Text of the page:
With the release of its fitness-tracking Band earlier this week, Microsoft became the latest tech giant to delve into the young but growing fitness data market. Adorned with 10 sensors, the Band is one of the most comprehensive fitness trackers out there, and Microsoft is not bashful about its ambitions for the project.
“It’s really designed to do two things: have people live healthier and be more productive … and get some of the most accurate data that you can possibly get,” Yusuf Mehdi, Microsoft’s vice president of Devices and Services, told The Verge.
Mehdi’s emphasis on data signals a shift in the market. Fitness tracking pioneers like Fitbit and Jawbone emphasized their hardware and software equally: The Fitbit band worked only in tandem with the Fitbit app. Newcomers such as Microsoft are taking a different approach. What’s important about Microsoft’s fitness offering isn’t the Band, but Health, its mobile fitness platform that works on Windows Phone, iOS, and Android devices. The goal is to gather as much data as possible, so while Band is the device best tailored for Health, the platform will accept data from other devices and apps. Google’s Fit and Apple’s HealthKit platforms work in a similar fashion.
So it might be a misnomer to say Apple, Google, and Microsoft are now in the fitness-tracking business; instead, they’re in the health-data business. Sure, the U.S. is experiencing a fitness boom, but there are only so many joggers in a country where a third of adults are obese. So instead of focusing on products for runners hoping to improve their mile times, Microsoft and its cohorts are wanting to collect and disperse as much health data as possible.
Companies such as Walgreens and The Hartford are already supplementing employee health programs with data from fitness trackers. Doing so incentivises healthy behavior and gives wellness providers more data on employee activity.
“Not only do you get a cool gadget, but the data from it can help people change their behavior to live a more healthy lifestyle,” which in turn reduces a company’s health-care costs, says Angela McIntyre, a wearables analyst with Gartner.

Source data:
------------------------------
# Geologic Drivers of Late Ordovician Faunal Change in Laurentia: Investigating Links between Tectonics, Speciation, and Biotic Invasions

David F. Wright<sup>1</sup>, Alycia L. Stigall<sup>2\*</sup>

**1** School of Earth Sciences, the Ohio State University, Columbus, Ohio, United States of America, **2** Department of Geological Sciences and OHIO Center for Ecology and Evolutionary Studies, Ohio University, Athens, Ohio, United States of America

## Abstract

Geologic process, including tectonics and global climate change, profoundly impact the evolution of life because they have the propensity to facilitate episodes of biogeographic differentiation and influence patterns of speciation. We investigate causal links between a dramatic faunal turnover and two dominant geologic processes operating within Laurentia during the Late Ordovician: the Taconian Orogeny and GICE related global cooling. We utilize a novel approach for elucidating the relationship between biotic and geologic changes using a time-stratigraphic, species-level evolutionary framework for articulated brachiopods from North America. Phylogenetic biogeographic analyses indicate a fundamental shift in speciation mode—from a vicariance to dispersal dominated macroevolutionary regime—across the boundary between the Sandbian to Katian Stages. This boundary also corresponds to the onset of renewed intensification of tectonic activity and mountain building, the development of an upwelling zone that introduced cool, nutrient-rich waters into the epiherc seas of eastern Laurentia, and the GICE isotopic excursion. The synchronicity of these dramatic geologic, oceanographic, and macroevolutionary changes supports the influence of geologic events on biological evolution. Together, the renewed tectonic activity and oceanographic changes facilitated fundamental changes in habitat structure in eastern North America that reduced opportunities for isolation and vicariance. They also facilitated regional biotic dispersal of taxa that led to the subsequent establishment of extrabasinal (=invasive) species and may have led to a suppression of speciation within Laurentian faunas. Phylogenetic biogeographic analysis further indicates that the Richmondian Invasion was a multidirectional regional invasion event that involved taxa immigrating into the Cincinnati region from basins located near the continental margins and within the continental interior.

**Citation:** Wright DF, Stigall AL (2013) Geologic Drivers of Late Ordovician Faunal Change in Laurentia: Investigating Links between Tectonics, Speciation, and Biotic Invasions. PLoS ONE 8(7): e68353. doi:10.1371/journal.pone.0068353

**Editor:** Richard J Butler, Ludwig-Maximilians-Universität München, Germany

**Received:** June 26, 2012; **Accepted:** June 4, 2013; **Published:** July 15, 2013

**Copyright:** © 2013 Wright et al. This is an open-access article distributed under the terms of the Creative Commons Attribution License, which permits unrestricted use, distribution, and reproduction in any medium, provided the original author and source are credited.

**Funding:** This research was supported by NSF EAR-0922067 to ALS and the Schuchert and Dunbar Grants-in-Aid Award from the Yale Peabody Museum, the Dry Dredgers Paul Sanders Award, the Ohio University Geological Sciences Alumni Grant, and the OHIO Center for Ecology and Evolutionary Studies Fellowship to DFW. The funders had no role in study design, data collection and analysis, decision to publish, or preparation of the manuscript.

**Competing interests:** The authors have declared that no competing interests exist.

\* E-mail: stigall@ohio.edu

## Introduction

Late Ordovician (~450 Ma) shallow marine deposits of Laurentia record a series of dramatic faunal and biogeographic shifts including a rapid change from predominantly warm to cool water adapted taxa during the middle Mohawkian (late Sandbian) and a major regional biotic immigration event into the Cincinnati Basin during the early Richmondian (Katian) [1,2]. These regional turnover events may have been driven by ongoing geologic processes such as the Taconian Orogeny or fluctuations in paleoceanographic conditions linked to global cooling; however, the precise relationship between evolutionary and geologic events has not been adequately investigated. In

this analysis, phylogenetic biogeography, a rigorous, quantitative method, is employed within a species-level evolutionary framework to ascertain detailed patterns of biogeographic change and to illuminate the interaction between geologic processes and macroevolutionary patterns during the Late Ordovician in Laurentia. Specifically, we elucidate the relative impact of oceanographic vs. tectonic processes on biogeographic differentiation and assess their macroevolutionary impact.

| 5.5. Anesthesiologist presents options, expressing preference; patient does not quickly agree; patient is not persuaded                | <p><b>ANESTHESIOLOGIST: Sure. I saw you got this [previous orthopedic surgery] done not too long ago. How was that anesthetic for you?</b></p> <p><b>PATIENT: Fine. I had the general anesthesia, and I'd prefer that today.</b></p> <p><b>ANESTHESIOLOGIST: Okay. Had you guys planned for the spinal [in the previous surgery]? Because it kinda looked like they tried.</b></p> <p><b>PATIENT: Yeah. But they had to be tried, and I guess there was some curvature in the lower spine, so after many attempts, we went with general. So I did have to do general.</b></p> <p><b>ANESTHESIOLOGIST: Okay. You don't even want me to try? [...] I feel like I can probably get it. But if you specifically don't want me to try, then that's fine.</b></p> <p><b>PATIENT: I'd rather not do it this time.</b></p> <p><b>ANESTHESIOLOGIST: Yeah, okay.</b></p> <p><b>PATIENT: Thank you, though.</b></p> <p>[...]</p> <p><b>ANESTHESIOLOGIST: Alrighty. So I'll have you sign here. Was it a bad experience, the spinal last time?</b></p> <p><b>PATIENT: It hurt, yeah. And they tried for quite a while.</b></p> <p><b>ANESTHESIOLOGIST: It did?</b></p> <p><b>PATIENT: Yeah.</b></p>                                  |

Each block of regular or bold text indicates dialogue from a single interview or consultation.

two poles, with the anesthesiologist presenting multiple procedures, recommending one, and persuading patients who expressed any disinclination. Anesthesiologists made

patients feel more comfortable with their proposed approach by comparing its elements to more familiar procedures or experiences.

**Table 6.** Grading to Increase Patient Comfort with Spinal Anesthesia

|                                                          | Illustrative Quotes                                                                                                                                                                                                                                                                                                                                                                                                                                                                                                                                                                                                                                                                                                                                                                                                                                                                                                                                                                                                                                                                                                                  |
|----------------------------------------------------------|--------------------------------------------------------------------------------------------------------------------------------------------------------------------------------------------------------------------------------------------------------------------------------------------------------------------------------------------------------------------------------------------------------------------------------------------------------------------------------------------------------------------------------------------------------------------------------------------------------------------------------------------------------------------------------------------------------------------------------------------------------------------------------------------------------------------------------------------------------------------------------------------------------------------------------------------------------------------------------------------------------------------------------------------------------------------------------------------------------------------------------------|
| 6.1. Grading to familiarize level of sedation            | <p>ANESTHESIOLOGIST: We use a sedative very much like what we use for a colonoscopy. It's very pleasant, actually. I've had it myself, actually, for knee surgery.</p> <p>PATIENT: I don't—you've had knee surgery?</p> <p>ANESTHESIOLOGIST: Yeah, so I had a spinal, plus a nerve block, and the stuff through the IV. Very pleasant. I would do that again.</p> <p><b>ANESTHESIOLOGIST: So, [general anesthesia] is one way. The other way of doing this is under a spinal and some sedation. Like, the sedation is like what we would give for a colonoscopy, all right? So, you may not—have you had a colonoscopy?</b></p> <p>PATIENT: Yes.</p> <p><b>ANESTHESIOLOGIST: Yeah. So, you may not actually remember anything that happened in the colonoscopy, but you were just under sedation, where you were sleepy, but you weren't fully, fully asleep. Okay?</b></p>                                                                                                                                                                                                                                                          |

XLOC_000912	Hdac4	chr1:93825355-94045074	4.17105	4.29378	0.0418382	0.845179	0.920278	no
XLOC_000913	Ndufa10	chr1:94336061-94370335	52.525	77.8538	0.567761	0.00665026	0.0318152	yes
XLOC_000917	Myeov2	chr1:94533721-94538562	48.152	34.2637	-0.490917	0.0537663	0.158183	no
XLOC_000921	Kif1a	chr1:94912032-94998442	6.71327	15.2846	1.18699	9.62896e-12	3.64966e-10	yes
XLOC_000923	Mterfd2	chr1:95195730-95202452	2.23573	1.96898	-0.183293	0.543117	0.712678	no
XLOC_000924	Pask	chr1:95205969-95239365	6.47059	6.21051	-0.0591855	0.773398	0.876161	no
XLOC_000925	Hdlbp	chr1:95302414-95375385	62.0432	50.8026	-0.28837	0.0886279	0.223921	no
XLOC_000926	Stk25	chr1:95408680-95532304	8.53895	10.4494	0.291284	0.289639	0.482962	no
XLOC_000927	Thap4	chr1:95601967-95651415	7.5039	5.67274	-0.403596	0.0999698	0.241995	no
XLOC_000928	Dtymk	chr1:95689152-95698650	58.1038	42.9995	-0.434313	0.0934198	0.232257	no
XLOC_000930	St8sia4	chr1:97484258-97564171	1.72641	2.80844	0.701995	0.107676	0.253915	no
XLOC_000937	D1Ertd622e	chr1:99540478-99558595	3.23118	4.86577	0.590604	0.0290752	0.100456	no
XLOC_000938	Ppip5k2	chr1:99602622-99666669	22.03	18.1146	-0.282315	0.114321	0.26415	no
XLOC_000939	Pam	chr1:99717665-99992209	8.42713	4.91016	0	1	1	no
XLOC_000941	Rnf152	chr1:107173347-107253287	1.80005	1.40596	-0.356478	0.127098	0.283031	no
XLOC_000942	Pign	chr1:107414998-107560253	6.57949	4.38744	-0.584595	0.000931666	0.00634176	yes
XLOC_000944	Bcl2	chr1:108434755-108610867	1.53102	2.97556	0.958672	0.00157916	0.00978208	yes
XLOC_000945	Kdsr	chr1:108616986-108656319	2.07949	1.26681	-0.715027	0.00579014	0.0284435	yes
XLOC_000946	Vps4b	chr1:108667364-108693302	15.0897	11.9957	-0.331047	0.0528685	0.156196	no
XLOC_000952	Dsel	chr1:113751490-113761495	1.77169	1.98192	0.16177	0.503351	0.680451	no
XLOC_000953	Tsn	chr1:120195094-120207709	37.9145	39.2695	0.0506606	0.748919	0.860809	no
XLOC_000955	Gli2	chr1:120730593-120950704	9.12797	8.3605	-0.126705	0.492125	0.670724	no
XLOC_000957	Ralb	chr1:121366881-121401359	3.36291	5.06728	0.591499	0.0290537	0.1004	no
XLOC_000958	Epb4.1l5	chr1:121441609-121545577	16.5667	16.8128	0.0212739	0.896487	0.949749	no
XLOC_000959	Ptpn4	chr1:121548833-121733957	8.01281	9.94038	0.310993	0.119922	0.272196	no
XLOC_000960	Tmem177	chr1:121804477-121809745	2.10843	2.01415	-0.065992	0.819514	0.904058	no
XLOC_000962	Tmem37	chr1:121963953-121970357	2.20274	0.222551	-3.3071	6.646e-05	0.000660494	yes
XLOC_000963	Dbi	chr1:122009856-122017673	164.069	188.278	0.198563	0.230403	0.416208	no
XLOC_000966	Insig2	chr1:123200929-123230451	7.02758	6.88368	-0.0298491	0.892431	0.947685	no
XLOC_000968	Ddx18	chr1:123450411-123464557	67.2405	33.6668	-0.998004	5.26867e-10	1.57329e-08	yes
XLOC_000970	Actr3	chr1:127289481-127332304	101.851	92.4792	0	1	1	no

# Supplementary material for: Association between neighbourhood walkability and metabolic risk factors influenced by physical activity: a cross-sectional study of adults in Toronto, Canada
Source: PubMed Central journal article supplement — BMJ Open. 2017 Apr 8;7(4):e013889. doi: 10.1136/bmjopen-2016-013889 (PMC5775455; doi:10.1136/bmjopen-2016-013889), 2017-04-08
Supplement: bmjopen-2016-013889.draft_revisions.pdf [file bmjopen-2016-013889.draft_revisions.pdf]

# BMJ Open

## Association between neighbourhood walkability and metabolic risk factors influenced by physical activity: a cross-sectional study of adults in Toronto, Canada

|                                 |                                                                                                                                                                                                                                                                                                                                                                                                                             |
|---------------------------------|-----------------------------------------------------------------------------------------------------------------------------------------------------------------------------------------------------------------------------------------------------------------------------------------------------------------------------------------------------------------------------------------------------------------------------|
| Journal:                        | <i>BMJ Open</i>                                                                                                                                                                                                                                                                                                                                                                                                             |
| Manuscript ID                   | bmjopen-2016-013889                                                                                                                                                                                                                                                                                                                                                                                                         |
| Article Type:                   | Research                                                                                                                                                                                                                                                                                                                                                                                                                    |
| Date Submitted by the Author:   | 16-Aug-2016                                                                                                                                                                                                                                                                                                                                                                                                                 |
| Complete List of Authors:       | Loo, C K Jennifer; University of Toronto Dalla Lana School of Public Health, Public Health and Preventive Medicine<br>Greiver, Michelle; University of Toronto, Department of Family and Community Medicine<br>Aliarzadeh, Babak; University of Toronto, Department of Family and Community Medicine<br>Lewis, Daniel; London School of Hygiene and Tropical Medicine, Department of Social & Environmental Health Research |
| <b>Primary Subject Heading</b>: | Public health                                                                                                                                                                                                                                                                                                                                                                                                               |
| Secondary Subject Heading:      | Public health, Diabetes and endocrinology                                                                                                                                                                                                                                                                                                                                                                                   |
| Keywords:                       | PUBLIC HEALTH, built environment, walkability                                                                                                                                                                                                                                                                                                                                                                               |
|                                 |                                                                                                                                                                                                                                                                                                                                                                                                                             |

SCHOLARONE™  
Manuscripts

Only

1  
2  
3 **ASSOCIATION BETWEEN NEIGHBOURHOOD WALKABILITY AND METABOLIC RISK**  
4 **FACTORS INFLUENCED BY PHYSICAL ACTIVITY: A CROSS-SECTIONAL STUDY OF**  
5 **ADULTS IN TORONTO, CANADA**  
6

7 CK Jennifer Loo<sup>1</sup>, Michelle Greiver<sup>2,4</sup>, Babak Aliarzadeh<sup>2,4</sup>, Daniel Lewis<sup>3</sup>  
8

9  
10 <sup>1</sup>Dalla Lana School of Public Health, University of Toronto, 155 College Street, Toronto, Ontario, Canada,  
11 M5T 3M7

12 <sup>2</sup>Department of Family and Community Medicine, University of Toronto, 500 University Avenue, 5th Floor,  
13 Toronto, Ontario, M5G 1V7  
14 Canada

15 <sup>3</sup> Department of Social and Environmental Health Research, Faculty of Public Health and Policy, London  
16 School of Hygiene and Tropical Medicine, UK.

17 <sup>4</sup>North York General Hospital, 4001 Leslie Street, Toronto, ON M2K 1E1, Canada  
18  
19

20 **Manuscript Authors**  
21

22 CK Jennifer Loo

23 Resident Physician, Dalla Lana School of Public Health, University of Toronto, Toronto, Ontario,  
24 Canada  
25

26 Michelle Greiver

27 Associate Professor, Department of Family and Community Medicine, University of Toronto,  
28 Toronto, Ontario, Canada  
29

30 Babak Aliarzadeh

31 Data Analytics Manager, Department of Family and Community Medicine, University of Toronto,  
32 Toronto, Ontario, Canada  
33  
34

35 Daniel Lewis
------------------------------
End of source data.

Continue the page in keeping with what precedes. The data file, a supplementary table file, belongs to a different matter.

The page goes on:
It’s not just health-care providers and insurance companies who might want the information. McIntyre says gyms, diet companies, and athletic retailers could use the data to better understand consumer trends.
Fitness trackers can provide valuable health insights, but at this point they probably won’t do so for those who most need help. Personal income is a strong determinant of an individual’s health, and wearables aren’t exactly cheap: Microsoft’s band costs $199, and most other models cost around $100. Thus, says Lynne Dunbrack, an analyst with IDC Health Insights, early adopters are a wealthy, self-serving population: fast people looking to get faster, thin people looking to get thinner, strong people looking to get stronger.
“So while wearable technology might help to get affluent consumers who like using the latest technology and gadgets to step away from their laptops and get walking, it’s not going to solve the real challenge of addressing all socioeconomic cohorts,” Dunbrack wrote in an email, “unless the devices either come down appreciably in price or are given away for free in programs designed to target middle- to lower-income consumers.”
Fitness bands providing consistent, valuable data is also contingent on people actually wearing them. In a recent IDC survey, a third of respondents who purchased a fitness band had stopped wearing it, often because they lost interest in tracking their fitness metrics, found it uncomfortable, or lost it.
Losing the bands is another hurdle to helping low-income people improve their health, Dunbrack says. Fitness trackers are expensive enough that if a low- or middle-income individual actually purchases one, they might not purchase another if the original is lost.
The goals Medhi laid out aren’t outlandish. Microsoft declined the opportunity to comment on its plans for the Band and the data it gathers, but there are certainties about the future of tech giants improving societal health: the programs and devices they offer have to be diverse, cheap, and commonplace to be effective.